# The last step performed was to explore the capabilities of the Python
# libraries when plotting data in a map. Here we are plotting the predicted
# House Value in California using Latitude and Longitude as the axis for
# plotting this data in the map.
from mpl_toolkits.basemap import Basemap
predDf = pd.DataFrame(x_test.copy())
predDf['y_pred'] = clf.predict(x_test)
def california_map(ax=None, lllat=31.5,urlat=42.5,
m = Basemap(ax=ax, projection='stere',
lon_0=(urlon + lllon) / 2,
lat_0=(urlat + lllat) / 2,
llcrnrlat=lllat, urcrnrlat=urlat,
llcrnrlon=lllon, urcrnrlon=urlon,
return m
m= california_map()
predDf = predDf.sort('y_pred') # Useful for plotting
x,y = m(predDf['Longitud'],predDf['Latitude'])
serieA = (np.array(predDf['y_pred']) - predDf['y_pred'].min())/(predDf['y_pred'].max()-predDf['y_pred'].min())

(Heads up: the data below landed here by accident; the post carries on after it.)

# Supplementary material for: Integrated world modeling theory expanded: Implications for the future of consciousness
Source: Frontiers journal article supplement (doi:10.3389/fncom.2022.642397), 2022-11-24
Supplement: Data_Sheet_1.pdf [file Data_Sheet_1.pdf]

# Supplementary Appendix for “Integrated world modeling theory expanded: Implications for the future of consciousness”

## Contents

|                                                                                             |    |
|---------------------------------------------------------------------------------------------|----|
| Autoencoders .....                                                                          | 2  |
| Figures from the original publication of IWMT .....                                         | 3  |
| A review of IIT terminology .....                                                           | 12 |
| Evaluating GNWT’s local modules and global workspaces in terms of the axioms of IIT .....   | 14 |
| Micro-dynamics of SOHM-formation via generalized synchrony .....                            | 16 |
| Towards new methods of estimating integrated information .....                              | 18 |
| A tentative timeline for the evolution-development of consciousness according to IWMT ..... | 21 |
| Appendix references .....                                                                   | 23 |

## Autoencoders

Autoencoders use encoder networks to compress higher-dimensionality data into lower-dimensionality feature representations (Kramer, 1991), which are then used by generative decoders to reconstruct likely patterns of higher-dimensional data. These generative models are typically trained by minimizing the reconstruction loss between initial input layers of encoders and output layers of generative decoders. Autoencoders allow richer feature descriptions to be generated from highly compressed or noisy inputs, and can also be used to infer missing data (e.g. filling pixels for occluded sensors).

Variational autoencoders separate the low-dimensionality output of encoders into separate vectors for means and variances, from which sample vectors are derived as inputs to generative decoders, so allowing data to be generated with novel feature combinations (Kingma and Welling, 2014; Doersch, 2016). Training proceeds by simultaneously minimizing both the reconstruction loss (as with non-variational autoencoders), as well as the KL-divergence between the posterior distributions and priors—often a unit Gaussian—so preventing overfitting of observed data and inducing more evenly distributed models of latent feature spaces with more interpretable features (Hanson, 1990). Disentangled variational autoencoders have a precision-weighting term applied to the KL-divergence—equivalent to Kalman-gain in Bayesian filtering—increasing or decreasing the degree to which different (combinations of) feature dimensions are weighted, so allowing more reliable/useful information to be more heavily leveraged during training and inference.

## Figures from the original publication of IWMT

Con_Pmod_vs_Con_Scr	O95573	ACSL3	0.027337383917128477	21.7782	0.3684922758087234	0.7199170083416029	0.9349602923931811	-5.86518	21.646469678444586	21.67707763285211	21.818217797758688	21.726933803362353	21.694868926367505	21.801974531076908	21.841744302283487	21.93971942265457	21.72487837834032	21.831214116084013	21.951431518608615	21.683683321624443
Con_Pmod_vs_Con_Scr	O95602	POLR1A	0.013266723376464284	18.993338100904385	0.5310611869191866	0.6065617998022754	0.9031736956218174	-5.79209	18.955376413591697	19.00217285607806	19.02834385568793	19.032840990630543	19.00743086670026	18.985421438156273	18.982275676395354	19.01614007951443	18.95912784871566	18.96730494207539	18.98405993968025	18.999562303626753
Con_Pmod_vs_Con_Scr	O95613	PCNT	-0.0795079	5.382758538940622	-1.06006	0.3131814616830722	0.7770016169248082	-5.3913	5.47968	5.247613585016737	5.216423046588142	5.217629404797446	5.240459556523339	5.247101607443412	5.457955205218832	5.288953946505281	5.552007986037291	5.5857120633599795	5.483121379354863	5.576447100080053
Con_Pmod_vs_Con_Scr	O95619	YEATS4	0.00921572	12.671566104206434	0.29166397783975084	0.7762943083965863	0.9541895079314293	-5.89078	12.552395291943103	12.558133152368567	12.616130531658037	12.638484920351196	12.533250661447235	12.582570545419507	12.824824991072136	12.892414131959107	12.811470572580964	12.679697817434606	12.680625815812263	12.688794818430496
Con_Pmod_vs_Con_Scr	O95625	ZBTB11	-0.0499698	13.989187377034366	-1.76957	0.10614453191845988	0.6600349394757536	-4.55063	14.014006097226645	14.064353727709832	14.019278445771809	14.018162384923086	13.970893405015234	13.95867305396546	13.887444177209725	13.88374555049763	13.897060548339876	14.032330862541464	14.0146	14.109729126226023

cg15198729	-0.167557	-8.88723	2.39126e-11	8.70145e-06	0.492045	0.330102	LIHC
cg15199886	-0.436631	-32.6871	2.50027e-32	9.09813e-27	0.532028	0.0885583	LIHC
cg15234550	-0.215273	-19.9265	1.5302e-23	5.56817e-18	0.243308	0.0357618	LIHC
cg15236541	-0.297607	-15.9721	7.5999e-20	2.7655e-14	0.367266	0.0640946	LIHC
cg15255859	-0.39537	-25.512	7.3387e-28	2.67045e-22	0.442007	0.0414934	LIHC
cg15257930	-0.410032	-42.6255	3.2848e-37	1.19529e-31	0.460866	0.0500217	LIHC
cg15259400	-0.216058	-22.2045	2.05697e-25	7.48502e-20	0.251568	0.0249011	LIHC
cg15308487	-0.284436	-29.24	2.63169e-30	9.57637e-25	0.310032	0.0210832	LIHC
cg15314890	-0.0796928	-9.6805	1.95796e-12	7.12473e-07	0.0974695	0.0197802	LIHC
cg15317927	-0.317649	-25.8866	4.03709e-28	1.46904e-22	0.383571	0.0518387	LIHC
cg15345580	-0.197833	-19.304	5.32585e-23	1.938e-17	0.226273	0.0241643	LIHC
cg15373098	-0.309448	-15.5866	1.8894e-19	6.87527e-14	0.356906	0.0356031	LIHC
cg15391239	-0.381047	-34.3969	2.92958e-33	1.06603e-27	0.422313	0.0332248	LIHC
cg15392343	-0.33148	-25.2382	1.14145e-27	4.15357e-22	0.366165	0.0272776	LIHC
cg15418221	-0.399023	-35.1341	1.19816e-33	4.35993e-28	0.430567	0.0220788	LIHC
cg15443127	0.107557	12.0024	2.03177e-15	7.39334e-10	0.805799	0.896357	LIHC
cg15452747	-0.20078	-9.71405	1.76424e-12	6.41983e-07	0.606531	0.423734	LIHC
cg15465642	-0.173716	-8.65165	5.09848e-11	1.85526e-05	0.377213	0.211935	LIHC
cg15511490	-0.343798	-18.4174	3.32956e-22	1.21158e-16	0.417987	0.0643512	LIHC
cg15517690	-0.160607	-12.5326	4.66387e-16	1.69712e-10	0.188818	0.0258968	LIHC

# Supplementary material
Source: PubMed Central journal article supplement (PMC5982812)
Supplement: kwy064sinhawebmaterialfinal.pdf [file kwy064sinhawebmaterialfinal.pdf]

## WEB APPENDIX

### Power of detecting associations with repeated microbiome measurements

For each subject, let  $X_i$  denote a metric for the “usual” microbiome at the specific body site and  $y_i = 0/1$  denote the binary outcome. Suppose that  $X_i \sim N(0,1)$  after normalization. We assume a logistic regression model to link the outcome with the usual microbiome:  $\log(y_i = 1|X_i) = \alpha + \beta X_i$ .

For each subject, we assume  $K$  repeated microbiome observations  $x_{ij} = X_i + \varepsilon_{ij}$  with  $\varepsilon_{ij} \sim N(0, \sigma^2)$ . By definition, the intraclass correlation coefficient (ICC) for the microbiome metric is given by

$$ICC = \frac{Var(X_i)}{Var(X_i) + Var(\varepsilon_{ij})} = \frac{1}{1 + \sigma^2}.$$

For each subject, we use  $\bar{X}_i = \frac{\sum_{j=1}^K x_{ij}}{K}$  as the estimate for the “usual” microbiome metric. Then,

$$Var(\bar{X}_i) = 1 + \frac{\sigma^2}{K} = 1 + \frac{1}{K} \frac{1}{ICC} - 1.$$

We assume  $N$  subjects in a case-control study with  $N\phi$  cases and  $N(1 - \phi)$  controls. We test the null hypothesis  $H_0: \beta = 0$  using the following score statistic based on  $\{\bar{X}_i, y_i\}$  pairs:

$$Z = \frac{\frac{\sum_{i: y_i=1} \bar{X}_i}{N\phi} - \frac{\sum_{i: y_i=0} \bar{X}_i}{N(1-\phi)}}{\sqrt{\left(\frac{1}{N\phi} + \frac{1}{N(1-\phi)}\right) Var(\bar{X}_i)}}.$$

# z =
z = np.array(predDf['y_pred'])/1000
c = m.colorbar(location='right')
c.set_label("House Value (Thousands of $)")
# Addendum
# --------
# This blog post was written using `Pylit <>`_ as the tool
# for doing `Literate Programming <>`_.
# I think that literate programming is way superior to other software
# methodologies like TDD when coding algorithms for data analysis. The main
# problem I find right now is the lack of tooling for really taking advantage of
# literate programming, but this is a technique that I'm definitely going to
# research deepe I think that literate programming is way superior to other
# software methodologies like TDD when coding algorithms for data analysis. The
# main problem I find right now is the lack of tooling for really taking
# advantage of literate programming, but this is a technique that I'm definitely
# going to research deeper.
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karthikziffer commented Dec 21, 2017

znelly , You can get the dataset from here .